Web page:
Kirkepiscatoid

Random and not so random musings from a 5th generation NE Missourian who became a 1st generation Episcopalian. Let the good times roll!



(photo of Massada courtesy of Wikimedia Commons)


Almighty God, you know that we have no power in ourselves
to help ourselves: Keep us both outwardly in our bodies and inwardly in our souls, that we may be defended from all adversities which may happen to the body, and from all evil thoughts which may assault and hurt the soul; through Jesus Christ our Lord, who lives and reigns with you and the Holy Spirit, one God, for ever and ever. Amen.

--Collect for the Third Sunday in Lent, Book of Common Prayer, p. 218

Many of you know my Lenten study disciplines this year include working my way through each of the Lenten collects in our Book of Common Prayer.

The phrase "...which may assault and hurt the soul," jumped out in the forefront of my mind the first time I read this collect through, and never let go of me. For some reason the ancient fort in Masada came with my thoughts.

If you've ever studied the history on this, Masada was a fort made famous in Josephus' historical account of "The Great Revolt," now known as the First Jewish-Roman War, from 66-70 CE. What's interesting is the Romans were not the original instigators in this war. It started because some Greeks were sacrificing birds in front of the synagogue at Caesarea. When the Romans did not intervene to the resulting Greco-Jewish tensions that emerged from this, Rabbi Eliezar ben Hanania ceased prayers and sacrifices to the Roman Emperor at the temple...and, as they say, "...and that's when the fight started." The Jewish citizens there started attacking Roman citizens, and not paying their taxes, and Rome stepped in.

At first, Emperor Nero's attack strategies made sense, but as Nero deteriorated, so did the war. But eventually Jerusalem was under siege by the Romans, and its walls were breached in the summer of 70 CE. Jerusalem had fallen. What remained of the Jewish resistance holed up in several forts in the region, including Masada.

The years 71-73 CE became "mop-up" operations for the Romans as they tried to crush what was left of the resistance. By the year 72 CE, the last remaining Jewish stronghold was the fortress at Masada. The Romans besieged them and offered terms of surrender, but they were rejected. When the fortress was finally breached in the year 73, the Roman army rushed in to discover that 960 of the 967 defenders of Masada had committed suicide. As a result of this, the Roman military leader Titus refused to accept a victory wreath for his merits. He said that there was "no merit in vanquishing people forsaken by their own God."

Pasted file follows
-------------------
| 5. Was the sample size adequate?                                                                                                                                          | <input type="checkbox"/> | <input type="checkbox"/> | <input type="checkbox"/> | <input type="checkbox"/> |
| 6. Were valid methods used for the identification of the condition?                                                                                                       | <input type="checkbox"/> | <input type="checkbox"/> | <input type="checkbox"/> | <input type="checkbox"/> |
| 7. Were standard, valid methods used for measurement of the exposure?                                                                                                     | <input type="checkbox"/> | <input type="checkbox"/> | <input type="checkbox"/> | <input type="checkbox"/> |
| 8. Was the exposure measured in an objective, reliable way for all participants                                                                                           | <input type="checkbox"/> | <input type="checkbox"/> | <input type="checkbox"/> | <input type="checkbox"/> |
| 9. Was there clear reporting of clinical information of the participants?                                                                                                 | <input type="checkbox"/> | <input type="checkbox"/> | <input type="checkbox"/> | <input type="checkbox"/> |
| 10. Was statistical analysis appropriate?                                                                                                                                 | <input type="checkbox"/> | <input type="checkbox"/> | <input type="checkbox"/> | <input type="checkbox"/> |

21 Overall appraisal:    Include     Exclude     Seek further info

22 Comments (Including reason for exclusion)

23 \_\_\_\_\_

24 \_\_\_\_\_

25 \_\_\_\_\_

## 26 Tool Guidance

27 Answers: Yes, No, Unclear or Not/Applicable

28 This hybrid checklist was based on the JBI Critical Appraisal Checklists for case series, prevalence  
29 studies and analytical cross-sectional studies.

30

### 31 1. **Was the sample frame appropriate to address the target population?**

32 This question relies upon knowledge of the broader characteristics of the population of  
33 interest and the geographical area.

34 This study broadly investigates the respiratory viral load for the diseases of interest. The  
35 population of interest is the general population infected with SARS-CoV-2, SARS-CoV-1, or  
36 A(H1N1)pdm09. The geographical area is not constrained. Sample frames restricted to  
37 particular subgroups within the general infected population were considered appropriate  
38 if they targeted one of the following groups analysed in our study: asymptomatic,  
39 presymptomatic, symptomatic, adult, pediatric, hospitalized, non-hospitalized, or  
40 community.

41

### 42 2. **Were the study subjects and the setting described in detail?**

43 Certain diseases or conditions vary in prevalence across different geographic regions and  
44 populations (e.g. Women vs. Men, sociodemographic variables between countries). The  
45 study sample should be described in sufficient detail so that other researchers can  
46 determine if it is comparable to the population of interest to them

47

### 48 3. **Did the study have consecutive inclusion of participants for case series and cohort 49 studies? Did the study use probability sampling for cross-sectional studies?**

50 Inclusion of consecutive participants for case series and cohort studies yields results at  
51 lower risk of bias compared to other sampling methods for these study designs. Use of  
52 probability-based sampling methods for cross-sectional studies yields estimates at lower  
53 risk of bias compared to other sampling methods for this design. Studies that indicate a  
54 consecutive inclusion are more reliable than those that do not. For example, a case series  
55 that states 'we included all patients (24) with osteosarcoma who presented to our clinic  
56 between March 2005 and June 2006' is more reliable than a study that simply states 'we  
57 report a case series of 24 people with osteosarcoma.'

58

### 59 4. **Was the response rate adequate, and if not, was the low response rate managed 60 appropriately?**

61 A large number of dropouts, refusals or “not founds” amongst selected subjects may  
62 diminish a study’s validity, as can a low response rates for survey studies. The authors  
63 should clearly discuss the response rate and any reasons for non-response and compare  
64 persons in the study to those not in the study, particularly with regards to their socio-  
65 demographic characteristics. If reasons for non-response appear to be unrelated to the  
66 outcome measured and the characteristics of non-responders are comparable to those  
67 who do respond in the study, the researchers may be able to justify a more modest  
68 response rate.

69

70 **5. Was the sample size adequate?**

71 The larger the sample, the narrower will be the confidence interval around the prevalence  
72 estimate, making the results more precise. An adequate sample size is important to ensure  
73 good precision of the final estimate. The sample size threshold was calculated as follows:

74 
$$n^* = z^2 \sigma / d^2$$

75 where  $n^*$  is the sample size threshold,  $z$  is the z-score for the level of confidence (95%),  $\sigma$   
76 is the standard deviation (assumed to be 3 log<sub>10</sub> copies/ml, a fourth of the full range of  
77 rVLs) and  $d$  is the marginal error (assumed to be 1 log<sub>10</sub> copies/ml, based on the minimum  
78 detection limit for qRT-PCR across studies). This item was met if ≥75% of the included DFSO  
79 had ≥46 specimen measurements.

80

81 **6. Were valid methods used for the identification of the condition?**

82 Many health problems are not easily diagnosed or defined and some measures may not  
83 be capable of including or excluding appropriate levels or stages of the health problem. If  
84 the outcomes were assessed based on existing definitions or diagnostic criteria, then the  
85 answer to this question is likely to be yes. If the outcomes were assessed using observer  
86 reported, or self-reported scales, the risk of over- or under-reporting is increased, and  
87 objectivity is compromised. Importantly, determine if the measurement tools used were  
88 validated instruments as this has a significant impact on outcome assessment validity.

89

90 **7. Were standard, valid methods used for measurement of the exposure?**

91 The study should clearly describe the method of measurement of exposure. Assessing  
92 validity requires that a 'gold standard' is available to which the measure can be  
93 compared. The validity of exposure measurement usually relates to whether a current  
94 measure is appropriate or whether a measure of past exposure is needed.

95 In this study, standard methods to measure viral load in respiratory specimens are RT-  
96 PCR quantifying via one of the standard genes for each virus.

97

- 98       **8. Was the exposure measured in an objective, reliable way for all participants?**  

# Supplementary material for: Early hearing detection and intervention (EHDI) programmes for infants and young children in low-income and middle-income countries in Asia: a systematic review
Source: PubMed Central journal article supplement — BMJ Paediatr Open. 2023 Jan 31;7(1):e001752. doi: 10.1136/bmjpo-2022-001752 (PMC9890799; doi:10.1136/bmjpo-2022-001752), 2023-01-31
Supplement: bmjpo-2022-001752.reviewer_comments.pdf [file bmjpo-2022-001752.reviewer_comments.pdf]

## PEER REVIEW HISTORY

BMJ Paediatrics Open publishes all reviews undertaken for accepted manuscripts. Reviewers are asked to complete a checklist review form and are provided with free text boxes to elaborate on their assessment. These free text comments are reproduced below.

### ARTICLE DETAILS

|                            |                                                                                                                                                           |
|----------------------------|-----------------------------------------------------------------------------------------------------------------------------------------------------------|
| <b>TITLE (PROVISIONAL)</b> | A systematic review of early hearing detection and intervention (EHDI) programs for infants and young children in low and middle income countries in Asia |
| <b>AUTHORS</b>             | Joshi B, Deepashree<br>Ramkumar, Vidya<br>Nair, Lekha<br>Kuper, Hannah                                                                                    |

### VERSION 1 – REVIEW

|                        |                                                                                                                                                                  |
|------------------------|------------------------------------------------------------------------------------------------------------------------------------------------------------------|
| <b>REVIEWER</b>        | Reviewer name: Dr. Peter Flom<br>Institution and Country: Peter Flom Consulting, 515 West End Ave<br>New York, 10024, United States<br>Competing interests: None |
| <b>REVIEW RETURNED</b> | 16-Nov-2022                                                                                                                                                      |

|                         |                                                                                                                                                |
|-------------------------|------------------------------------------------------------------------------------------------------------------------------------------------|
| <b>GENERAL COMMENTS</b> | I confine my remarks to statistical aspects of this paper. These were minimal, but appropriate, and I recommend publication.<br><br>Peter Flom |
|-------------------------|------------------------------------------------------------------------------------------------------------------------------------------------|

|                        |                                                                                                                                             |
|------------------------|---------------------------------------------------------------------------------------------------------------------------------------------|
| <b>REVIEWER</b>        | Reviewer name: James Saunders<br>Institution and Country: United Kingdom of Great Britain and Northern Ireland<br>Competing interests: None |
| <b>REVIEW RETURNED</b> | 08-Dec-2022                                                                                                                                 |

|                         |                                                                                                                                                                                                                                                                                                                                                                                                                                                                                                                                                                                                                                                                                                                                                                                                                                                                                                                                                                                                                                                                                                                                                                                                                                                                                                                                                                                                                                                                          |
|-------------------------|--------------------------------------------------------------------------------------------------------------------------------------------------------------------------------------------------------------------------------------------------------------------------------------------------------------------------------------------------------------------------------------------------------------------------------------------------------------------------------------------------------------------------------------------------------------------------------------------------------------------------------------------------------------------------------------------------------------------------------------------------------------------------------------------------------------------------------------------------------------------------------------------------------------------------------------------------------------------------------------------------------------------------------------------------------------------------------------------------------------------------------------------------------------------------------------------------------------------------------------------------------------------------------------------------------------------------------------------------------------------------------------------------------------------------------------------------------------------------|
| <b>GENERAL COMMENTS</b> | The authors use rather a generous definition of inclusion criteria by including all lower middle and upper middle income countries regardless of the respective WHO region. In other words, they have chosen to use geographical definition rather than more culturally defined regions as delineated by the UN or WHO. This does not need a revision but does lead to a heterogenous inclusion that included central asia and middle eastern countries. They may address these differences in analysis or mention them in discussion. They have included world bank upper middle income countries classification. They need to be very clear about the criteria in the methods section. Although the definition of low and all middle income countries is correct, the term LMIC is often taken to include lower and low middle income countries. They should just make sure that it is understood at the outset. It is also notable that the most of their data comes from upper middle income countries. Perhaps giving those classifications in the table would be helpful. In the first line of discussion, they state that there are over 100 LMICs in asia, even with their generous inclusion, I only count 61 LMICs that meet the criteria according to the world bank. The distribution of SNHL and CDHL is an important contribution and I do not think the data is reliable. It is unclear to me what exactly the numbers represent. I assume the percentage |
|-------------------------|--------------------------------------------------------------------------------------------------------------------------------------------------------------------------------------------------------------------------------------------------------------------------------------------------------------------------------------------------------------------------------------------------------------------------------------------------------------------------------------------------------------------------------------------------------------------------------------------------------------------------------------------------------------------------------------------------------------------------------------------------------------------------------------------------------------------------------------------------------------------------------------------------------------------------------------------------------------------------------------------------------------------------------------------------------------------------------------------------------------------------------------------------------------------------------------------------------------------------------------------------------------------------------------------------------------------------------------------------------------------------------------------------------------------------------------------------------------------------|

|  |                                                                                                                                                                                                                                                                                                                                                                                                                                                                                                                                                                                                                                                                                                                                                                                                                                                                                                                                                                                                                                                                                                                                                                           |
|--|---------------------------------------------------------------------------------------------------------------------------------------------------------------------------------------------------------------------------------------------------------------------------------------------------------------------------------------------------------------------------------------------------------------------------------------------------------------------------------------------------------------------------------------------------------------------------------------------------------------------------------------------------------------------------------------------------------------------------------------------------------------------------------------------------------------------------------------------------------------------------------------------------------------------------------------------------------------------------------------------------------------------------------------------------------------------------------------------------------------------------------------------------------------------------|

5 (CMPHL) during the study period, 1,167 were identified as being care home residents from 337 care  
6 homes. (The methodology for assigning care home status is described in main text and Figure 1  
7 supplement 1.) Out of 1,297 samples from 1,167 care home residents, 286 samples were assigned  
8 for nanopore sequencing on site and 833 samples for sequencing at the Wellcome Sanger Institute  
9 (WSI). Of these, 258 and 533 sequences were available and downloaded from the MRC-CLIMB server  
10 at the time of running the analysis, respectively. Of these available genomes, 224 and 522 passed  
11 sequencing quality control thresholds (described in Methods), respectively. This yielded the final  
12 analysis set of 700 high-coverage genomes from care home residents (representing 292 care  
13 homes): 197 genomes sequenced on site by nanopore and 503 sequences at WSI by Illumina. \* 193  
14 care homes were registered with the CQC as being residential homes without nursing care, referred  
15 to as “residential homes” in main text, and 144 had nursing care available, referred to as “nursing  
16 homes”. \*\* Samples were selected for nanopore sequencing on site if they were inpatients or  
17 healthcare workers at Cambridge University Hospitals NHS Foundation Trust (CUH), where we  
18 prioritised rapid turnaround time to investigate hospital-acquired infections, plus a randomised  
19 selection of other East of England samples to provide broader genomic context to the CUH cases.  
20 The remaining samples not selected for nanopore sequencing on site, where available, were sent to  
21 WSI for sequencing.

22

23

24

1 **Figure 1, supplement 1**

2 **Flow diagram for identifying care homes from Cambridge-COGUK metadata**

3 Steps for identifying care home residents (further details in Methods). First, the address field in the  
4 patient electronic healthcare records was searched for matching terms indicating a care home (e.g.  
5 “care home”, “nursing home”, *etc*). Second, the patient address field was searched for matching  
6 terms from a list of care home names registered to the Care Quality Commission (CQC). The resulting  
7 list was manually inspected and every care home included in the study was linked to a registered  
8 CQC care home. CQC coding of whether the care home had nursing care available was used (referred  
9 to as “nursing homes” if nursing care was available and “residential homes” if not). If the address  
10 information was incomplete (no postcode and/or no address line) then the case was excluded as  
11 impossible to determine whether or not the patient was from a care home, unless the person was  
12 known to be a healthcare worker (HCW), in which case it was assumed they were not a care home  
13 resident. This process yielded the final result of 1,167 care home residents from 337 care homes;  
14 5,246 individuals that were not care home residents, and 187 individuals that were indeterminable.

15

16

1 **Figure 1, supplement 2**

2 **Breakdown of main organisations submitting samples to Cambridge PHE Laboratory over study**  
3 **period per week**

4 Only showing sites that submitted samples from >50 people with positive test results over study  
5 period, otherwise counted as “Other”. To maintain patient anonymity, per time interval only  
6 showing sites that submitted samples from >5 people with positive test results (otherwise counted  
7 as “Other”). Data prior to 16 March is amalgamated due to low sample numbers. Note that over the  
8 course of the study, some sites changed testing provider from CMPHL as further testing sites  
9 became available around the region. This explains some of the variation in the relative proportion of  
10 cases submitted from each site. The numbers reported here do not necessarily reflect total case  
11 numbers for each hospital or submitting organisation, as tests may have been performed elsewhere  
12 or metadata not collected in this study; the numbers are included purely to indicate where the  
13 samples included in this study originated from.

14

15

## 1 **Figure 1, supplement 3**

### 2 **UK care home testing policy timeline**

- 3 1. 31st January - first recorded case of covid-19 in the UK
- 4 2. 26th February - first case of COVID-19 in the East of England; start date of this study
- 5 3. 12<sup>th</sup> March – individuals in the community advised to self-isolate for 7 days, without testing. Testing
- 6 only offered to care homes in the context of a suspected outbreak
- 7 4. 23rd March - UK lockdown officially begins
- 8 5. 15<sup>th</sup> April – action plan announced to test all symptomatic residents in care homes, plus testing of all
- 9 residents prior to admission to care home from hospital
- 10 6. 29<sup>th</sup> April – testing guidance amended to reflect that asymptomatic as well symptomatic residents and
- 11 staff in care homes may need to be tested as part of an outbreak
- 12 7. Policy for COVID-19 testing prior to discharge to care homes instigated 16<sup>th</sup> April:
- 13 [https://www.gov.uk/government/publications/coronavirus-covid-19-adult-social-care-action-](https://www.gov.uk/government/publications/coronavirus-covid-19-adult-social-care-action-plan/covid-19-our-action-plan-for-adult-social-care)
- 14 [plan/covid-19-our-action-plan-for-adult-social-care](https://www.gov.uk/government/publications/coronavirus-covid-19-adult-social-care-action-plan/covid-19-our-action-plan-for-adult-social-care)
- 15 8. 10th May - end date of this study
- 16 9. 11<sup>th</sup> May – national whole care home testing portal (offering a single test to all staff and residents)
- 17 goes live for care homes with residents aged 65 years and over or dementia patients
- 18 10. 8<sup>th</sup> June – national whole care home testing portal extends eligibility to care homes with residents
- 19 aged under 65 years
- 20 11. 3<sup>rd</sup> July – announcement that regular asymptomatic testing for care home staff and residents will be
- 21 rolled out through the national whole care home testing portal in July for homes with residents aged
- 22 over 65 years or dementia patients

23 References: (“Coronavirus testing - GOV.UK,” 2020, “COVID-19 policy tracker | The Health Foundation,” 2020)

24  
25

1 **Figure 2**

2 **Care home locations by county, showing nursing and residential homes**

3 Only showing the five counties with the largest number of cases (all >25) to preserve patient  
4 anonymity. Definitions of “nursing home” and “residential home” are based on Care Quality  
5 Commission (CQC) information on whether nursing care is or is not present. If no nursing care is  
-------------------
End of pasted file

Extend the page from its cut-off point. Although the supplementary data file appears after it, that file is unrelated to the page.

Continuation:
Now, my take on that story is not so much that the Jewish defenders at Masada were forsaken by God, but that, frankly, their souls had been so repeatedly assaulted, ending it all by their own hands seemed preferable to yet another assault to their already soul-sick existence.

We really don't know what happened inside the walls of Masada. Was this an ancient "Jim Jones-People's Temple" story where they had been brainwashed to "drink the Kool-Aid," so to speak? Or were they simply so collectively weary as a community of defenders they just wanted the pain of defending who they were to stop? Or did something else in between happen? Quite honestly, in situations like this, the other side of the story dies with the victims, and the "winners" are left to write the history. There's no doubt the main account by Josephus is influenced by what he heard from the Romans. Despite the fact Josephus was once the Jewish commander at Galilee, he had been captured and the end result of his captivity was release and Roman citizenship. It doesn't take a rocket scientist to realize there was ample reason for him to patronize the Roman point of view.

One thing we know for sure; it wasn't exactly the Alamo.

Once in a while, the story of Masada haunts me. In recent months, it has haunted me in light of the various bullying-related suicides. I have to confess, a collect that should engender hope in me, carries with it an undertone of tearfulness and soul-sadness. Perhaps it's because I don't think any of us make to adulthood without our soul being assaulted at least once. Some pour souls are constantly assaulted, and some of those folks don't even make it to adulthood. Sometimes these remaining assaulted souls live their lives into adulthood and their life situation is such that their souls are assaulted again and again until, frankly, they're not so acutely in pain like people on the brink of suicide, but they simply become "hollow." They become without hope. They become so hollow they can't even feel God filling the void. They are the homeless, the largely ignored poor, the forsaken elements of society. They are the "unemployed, who need not apply," as our economy roller-coaster rides its way into the next decade.